In 1888, Kaiser Wilhelm was succeeded by his son, Friedrich III, who died of cancer of the larynx after ruling for only ninety-nine days. Friedrich’s son Wilhelm II then took the throne, aged only twenty-nine. Since that time, Wilhelm II had ruled from an enormous white-stoned baroque palace on the banks of Berlin’s River Spree. Forming the hub of royal patronage and command, the palace was serviced by thousands of courtiers and bureaucrats, accountants and engineers, artists and bankers.
Following these momentous changes, the imperial city was transformed in a few short years from a sleepy provincial town into one of Europe’s leading metropolises. Attracted by the rapidly expanding economy, and the opportunities that it provided, a rush of newcomers entered the city. Berlin’s population doubled, from 800,000 in 1871, to over 1.6 million by 1890.
As part of this expansion, large tracts of land on the city outskirts were developed. The vast majority of these new buildings were apartment blocks, often hastily and inexpensively built, and before long, two-thirds of the city’s residents were tenants. Many of the developers came from the middle classes, and were soon amassing vast fortunes. One of these developers was Otto Wollank.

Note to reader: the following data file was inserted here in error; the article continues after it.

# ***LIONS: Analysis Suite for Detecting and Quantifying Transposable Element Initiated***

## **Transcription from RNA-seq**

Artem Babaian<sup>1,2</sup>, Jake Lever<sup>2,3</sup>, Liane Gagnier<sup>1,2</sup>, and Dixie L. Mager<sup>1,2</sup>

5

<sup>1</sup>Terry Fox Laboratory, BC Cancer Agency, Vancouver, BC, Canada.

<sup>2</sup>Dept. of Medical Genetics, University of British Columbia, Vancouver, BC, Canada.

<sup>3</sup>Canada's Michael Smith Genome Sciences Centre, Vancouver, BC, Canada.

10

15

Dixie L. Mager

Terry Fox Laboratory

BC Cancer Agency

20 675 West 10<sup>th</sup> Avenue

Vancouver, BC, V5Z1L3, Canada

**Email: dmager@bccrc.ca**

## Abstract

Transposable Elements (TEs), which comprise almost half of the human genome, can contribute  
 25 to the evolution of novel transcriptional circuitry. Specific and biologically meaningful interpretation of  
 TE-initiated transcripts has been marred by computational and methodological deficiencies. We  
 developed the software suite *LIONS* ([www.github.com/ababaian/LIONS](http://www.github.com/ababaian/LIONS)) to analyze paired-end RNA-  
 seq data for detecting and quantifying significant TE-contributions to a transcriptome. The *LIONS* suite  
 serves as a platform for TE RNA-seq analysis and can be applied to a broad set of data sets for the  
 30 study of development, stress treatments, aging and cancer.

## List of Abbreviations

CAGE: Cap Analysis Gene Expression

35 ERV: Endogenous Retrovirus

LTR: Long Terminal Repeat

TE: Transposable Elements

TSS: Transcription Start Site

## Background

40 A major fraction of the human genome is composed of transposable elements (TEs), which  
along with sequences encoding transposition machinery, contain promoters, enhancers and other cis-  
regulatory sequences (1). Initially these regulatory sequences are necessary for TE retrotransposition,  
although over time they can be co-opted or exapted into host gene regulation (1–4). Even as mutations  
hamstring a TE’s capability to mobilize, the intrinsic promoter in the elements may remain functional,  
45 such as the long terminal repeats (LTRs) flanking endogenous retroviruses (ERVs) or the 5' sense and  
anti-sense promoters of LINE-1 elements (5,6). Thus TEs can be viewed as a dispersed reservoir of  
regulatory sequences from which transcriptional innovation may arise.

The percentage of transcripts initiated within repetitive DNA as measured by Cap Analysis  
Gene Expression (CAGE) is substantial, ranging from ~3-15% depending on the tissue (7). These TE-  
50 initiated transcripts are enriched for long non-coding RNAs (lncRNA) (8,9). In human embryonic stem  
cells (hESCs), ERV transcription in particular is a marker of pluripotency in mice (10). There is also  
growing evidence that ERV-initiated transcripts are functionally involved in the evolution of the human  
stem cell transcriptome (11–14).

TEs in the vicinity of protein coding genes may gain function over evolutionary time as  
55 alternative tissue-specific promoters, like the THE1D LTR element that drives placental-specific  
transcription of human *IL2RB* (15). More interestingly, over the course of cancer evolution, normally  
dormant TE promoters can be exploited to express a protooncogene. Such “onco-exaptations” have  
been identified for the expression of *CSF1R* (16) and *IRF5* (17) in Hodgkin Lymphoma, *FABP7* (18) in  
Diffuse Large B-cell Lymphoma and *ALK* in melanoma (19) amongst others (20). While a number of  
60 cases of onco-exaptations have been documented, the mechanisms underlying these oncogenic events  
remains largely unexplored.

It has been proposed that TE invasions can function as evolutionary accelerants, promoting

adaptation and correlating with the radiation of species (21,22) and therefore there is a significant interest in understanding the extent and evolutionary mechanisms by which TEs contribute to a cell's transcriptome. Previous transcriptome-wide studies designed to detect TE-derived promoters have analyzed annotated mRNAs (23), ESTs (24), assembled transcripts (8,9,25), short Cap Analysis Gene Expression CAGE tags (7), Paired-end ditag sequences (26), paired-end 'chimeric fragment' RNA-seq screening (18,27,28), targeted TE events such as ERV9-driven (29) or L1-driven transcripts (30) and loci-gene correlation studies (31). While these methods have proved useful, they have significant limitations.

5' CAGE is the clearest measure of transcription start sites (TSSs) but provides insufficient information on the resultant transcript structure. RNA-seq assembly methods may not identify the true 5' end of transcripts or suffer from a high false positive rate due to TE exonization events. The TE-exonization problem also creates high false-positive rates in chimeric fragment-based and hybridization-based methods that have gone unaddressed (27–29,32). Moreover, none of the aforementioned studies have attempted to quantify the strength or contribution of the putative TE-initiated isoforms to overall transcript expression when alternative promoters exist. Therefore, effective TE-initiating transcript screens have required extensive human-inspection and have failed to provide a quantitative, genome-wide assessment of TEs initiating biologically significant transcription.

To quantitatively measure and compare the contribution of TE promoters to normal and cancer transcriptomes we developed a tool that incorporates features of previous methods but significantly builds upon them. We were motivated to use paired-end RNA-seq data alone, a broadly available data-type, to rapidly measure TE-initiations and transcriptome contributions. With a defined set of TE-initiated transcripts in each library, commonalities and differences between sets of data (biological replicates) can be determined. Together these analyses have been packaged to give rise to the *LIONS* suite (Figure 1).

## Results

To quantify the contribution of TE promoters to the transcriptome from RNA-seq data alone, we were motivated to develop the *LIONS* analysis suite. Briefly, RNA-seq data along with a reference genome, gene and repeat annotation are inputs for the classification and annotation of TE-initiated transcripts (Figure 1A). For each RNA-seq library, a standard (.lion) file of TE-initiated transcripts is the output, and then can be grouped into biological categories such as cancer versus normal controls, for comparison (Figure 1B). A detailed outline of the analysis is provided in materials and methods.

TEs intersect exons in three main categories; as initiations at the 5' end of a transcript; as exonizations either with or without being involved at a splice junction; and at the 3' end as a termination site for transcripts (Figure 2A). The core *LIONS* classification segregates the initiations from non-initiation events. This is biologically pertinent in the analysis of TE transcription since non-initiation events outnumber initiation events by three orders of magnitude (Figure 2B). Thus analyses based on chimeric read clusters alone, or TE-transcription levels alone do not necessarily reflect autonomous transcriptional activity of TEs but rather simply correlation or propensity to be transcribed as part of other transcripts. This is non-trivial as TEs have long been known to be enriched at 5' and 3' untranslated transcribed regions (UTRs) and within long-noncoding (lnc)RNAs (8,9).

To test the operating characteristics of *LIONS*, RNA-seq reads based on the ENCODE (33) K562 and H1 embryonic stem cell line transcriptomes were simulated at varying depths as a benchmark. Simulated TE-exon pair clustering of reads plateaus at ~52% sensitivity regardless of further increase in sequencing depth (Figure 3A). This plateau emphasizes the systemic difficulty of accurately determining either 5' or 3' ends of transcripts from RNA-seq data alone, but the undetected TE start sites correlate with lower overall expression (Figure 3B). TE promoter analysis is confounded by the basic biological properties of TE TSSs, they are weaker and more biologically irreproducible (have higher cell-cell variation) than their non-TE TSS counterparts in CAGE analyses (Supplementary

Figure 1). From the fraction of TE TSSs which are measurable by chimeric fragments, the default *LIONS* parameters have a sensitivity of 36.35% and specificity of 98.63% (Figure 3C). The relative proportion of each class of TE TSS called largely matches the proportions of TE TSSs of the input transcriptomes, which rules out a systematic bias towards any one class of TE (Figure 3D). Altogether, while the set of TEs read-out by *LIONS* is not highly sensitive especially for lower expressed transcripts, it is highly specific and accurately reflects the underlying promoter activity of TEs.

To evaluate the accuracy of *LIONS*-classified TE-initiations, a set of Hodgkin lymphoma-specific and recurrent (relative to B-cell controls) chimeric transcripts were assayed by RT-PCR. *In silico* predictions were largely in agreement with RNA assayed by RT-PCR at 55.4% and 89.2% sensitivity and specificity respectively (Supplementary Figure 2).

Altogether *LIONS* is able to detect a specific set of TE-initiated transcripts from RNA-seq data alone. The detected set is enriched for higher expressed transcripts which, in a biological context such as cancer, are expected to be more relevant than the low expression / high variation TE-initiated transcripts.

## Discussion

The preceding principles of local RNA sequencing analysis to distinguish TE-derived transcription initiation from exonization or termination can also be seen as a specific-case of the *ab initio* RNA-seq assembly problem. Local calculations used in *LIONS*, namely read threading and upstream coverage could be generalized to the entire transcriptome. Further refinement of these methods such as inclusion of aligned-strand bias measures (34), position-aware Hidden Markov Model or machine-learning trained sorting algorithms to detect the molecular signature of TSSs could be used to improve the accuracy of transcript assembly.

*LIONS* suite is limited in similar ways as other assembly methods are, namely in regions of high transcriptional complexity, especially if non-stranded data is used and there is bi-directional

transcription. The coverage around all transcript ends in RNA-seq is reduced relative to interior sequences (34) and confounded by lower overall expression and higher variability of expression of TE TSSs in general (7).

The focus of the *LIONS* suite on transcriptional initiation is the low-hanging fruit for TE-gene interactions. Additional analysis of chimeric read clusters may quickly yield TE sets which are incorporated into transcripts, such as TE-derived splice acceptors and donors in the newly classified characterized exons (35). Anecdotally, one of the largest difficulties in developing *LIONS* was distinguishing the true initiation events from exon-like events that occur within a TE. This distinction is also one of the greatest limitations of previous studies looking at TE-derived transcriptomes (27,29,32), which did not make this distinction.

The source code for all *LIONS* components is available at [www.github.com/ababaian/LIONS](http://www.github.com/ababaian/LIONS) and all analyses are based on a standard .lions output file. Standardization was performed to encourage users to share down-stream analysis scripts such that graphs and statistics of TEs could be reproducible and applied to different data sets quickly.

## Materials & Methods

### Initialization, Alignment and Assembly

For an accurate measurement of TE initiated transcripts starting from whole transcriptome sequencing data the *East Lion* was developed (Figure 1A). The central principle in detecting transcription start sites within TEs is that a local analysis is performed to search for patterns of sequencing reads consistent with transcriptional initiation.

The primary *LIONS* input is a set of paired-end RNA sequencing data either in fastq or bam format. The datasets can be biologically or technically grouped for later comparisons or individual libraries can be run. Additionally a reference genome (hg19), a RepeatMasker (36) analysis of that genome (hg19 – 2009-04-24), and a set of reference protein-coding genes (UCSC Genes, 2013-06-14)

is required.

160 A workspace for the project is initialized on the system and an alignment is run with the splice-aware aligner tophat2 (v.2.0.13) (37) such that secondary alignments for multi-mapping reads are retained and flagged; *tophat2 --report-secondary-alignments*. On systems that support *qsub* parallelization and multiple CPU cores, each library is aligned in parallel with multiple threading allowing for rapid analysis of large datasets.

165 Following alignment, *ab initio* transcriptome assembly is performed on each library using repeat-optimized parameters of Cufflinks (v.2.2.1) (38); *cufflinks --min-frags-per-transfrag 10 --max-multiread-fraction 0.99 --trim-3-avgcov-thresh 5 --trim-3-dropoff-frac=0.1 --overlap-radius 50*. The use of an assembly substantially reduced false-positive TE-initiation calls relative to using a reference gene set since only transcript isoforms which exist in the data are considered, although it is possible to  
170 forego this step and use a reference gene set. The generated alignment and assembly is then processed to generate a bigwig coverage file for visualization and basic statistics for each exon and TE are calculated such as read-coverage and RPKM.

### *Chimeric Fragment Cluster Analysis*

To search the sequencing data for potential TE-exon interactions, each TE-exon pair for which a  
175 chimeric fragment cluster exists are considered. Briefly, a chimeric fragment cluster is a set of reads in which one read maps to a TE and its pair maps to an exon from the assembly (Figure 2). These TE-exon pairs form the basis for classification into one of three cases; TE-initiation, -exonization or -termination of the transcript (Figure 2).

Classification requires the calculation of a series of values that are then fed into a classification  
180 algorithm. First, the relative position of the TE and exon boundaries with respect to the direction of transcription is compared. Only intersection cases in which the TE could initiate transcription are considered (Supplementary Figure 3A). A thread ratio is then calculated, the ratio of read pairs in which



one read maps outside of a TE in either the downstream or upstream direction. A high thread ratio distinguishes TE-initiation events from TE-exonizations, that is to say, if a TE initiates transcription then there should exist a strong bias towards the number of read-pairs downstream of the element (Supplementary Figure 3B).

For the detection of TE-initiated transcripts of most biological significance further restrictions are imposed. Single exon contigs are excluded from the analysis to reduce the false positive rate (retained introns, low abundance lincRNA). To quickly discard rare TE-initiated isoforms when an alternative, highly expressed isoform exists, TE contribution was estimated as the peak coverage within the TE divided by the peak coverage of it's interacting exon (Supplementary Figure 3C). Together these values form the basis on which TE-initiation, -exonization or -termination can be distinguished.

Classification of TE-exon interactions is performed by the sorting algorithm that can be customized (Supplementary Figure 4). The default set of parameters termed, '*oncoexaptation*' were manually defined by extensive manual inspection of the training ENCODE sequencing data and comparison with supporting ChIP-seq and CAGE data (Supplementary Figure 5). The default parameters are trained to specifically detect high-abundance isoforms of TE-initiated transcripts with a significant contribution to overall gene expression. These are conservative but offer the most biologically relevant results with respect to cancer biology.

* * *
Born on 18 September 1862, in Pankow, a northern suburb of Berlin, Otto was the eldest son of five children. Tragedy struck early when his thirty-four-year-old father, Adolf Friedrich Wollank, died when Otto was only five years old. Luckily for the family, Adolf left a large inheritance, having purchased hundreds of acres of land in Pankow during the middle of the nineteenth century, before Berlin’s massive population explosion, when prices were still cheap.
After graduating from school in 1881, Otto enrolled in agricultural college in Berlin, undertaking work experience on various farms in northern Germany. He also travelled to France, Italy, North Africa, Greece and Turkey during this period. At the age of twenty, Otto began his military service, enlisting with the 2nd Dragoon Guards regiment, with whom he perfected his riding skills and practised basic military techniques. He then joined the Danzig Death’s Head hussars, known to include some of Germany’s best horsemen and to produce military advisers to Kaiser Wilhelm.
After leaving the cavalry, Otto took over his father’s property business, growing it rapidly over the next few years. It was relatively easy to make money. All Otto had to do was find willing buyers, a simple matter given the city’s shortage of new homes. Within a short while, he was turning a massive profit. The question was: how to invest it?